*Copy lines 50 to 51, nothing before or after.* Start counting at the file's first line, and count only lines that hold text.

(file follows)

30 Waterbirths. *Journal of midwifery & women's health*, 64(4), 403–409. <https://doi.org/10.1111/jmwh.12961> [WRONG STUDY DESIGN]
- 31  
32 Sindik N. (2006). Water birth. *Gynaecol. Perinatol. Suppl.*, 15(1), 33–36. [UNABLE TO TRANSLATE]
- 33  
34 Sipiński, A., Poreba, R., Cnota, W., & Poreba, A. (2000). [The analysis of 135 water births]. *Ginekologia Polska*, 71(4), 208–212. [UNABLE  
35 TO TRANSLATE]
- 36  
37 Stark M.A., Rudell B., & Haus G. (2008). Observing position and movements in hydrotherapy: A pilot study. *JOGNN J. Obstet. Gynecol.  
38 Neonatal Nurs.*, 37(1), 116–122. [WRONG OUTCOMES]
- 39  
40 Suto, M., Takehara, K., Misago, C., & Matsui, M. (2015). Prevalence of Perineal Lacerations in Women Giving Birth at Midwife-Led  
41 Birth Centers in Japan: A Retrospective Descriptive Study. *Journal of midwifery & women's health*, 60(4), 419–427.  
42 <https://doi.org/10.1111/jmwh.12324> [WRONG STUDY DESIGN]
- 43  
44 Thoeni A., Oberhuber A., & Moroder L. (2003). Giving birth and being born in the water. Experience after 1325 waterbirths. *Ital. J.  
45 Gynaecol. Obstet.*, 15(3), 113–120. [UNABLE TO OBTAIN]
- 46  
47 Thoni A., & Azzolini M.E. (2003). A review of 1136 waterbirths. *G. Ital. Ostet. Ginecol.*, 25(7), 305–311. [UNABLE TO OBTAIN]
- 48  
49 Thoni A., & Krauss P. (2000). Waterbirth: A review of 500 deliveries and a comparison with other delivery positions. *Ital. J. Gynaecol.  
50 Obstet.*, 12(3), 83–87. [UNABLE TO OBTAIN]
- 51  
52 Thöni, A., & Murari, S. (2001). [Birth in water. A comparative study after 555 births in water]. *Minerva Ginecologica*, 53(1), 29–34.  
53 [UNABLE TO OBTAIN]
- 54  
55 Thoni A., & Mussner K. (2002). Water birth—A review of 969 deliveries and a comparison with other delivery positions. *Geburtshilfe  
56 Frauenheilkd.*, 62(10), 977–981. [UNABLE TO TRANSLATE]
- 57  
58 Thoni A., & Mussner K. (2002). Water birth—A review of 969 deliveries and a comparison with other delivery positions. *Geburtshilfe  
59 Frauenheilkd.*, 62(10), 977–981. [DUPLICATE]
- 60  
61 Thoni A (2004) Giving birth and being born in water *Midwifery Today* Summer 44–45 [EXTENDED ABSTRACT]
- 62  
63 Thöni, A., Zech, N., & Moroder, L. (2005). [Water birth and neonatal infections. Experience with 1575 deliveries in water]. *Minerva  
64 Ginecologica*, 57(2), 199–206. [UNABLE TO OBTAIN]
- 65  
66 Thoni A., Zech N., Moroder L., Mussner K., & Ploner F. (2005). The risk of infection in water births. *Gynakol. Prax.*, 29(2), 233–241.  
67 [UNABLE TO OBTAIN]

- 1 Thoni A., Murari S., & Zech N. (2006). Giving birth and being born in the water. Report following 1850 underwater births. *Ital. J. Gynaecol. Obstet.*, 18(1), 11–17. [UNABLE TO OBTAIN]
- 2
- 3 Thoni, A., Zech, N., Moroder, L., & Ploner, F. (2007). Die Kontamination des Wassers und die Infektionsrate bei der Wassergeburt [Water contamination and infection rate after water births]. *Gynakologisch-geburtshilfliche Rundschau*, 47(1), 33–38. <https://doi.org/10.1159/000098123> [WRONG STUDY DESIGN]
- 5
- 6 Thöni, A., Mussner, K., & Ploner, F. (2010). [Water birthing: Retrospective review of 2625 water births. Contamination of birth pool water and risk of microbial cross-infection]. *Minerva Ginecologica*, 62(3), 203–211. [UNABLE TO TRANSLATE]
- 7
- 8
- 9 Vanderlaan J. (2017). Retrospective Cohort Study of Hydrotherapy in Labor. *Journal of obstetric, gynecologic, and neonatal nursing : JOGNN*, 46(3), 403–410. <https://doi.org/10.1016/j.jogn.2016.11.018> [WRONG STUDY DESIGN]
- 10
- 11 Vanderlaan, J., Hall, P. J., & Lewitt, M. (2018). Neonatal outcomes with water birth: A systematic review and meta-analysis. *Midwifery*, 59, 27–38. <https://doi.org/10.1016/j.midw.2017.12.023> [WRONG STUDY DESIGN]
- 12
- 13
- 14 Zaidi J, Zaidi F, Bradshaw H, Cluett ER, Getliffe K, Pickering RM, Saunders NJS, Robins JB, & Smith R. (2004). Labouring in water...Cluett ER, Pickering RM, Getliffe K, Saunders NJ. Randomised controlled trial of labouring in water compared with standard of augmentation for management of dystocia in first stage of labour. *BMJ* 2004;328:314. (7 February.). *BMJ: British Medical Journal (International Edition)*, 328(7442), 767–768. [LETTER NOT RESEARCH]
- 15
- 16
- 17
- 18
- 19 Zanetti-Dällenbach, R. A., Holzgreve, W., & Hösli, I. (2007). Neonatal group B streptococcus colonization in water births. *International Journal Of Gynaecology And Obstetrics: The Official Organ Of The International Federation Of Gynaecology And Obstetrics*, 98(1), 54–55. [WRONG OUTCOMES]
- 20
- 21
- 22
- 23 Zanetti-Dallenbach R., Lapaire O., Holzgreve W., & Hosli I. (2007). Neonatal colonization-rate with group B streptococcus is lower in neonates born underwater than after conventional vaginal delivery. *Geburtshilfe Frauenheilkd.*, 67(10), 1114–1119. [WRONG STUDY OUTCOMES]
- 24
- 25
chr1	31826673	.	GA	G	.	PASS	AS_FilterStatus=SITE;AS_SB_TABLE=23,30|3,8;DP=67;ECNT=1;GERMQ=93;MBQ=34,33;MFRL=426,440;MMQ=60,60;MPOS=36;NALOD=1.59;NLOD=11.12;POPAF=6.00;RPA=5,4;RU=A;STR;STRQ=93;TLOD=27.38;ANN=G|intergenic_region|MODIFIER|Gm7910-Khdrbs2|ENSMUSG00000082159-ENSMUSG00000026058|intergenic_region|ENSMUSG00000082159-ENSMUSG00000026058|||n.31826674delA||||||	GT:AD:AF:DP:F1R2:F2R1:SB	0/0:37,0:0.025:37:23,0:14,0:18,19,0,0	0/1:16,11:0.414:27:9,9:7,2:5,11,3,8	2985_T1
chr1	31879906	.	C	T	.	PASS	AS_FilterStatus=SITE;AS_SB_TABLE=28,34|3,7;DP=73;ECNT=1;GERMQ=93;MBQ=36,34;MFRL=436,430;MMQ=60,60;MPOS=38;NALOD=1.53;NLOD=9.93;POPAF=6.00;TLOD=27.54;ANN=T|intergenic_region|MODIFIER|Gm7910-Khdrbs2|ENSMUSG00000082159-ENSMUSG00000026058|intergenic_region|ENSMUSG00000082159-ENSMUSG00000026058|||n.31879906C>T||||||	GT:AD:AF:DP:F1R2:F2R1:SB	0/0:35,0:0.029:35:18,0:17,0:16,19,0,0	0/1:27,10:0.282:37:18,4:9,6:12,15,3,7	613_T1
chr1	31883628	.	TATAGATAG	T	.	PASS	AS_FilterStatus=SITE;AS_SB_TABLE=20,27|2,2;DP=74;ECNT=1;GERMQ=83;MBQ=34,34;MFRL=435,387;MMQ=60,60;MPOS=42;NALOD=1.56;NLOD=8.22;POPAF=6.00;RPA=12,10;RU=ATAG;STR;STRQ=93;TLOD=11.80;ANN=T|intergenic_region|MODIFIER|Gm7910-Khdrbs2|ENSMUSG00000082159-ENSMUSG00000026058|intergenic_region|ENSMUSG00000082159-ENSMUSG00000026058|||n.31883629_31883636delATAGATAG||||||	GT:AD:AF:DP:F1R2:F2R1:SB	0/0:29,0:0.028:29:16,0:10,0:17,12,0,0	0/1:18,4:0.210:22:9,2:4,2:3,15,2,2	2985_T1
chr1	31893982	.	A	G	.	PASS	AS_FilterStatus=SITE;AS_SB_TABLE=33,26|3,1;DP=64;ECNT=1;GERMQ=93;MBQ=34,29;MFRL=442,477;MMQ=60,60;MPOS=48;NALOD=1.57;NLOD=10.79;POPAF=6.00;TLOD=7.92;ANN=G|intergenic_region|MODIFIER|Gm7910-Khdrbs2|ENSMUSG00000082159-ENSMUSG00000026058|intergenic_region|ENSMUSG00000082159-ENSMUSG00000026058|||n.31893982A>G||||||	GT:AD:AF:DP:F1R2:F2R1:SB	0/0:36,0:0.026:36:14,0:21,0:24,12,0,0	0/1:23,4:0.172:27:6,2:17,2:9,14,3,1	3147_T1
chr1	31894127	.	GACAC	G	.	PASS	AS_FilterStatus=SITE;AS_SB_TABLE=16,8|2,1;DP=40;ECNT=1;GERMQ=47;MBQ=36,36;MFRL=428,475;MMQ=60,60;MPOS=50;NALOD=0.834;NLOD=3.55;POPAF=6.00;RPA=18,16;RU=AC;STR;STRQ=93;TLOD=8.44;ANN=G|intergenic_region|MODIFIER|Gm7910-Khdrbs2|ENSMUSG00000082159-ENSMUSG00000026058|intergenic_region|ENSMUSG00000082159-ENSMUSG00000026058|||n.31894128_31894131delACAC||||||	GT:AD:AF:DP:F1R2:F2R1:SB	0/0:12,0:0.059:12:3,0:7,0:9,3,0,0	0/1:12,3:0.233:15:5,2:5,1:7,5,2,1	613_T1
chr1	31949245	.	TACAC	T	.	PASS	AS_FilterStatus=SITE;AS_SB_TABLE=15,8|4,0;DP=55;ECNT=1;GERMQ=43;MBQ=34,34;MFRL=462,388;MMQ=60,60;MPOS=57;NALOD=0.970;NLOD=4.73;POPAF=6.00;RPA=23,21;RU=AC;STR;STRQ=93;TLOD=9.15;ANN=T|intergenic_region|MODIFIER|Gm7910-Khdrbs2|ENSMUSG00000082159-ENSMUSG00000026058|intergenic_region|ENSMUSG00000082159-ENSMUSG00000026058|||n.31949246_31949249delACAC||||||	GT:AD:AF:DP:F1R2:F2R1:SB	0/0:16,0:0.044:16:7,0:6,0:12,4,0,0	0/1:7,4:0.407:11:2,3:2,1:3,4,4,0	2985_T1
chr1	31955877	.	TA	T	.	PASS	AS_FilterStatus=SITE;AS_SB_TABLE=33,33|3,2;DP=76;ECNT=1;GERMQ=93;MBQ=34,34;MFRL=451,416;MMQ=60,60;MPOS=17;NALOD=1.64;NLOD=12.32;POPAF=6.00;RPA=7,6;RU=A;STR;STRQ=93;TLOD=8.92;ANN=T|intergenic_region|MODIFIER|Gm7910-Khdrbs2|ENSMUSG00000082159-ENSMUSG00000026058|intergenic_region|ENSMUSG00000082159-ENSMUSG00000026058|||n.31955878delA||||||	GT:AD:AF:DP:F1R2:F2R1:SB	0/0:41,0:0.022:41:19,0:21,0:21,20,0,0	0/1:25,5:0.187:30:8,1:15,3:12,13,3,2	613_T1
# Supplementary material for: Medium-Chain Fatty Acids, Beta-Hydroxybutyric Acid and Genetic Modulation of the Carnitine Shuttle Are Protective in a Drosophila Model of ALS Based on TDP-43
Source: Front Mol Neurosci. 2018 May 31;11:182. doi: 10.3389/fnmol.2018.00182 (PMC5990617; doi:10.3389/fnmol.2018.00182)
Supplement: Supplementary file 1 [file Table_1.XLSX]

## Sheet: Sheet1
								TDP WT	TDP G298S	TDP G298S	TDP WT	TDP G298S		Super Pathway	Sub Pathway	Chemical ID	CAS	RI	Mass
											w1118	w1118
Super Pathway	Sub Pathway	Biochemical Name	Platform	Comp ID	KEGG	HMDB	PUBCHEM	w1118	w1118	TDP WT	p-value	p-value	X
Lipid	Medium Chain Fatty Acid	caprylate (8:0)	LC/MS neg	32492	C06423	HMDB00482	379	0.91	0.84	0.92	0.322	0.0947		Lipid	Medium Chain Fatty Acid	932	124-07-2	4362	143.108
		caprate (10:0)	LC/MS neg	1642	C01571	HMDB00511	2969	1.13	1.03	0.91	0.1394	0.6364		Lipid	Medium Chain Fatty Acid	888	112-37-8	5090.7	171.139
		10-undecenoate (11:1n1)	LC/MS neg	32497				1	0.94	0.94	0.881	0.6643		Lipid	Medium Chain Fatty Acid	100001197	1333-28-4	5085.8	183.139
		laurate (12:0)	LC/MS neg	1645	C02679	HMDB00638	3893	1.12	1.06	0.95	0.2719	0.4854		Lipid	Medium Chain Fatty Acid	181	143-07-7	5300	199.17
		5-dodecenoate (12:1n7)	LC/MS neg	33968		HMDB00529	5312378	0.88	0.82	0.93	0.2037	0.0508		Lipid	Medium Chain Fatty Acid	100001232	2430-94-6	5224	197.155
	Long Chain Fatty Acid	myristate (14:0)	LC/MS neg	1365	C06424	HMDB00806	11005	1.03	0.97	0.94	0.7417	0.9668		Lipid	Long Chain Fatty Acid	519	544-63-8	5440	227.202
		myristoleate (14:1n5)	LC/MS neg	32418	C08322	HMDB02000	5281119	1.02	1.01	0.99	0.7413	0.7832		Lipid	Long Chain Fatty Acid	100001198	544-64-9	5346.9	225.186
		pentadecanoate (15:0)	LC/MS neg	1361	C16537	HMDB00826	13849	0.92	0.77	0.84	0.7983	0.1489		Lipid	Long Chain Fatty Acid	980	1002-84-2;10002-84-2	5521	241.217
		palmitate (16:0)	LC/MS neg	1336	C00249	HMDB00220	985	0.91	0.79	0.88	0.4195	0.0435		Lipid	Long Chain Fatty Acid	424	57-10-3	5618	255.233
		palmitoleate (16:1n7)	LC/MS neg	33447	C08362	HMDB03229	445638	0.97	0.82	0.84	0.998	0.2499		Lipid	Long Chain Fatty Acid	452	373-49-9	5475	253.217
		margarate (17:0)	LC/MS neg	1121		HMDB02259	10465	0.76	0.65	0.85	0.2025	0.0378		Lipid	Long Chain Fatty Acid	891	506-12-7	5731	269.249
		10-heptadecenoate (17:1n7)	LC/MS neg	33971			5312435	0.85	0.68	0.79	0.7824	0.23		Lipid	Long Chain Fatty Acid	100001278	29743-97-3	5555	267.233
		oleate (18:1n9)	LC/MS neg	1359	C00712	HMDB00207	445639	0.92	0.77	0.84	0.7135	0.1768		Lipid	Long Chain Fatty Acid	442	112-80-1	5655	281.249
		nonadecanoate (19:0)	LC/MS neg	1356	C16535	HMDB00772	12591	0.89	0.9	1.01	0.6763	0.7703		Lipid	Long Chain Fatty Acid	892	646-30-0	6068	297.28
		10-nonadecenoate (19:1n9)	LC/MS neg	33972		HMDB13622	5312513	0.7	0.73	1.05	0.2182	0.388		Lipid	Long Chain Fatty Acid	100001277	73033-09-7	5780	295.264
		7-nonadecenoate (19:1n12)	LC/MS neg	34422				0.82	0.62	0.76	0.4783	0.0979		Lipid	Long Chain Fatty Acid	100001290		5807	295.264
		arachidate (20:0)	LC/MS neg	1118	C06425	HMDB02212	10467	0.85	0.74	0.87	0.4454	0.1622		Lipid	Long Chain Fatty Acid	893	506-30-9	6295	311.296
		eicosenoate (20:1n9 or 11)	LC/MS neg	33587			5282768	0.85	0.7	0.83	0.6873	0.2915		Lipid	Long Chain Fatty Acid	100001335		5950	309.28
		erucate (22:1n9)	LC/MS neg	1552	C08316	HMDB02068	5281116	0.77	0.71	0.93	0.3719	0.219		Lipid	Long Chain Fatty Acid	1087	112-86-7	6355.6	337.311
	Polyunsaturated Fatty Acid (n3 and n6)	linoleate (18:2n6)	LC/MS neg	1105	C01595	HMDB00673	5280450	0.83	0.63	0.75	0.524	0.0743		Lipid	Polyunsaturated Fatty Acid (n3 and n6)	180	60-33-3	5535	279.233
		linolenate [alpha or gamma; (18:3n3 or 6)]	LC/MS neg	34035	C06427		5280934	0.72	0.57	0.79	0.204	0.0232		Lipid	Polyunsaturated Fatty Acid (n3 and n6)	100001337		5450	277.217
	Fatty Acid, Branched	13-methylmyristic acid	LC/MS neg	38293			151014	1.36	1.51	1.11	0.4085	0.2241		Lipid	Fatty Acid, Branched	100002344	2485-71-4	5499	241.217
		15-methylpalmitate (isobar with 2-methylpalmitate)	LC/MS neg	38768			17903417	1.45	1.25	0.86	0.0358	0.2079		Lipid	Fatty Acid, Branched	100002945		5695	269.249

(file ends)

- 13
- 14 Zaidi J, Zaidi F, Bradshaw H, Cluett ER, Getliffe K, Pickering RM, Saunders NJS, Robins JB, & Smith R. (2004). Labouring in water...Cluett ER, Pickering RM, Getliffe K, Saunders NJ. Randomised controlled trial of labouring in water compared with standard of augmentation for management of dystocia in first stage of labour. *BMJ* 2004;328:314. (7 February.). *BMJ: British Medical Journal (International Edition)*, 328(7442), 767–768. [LETTER NOT RESEARCH]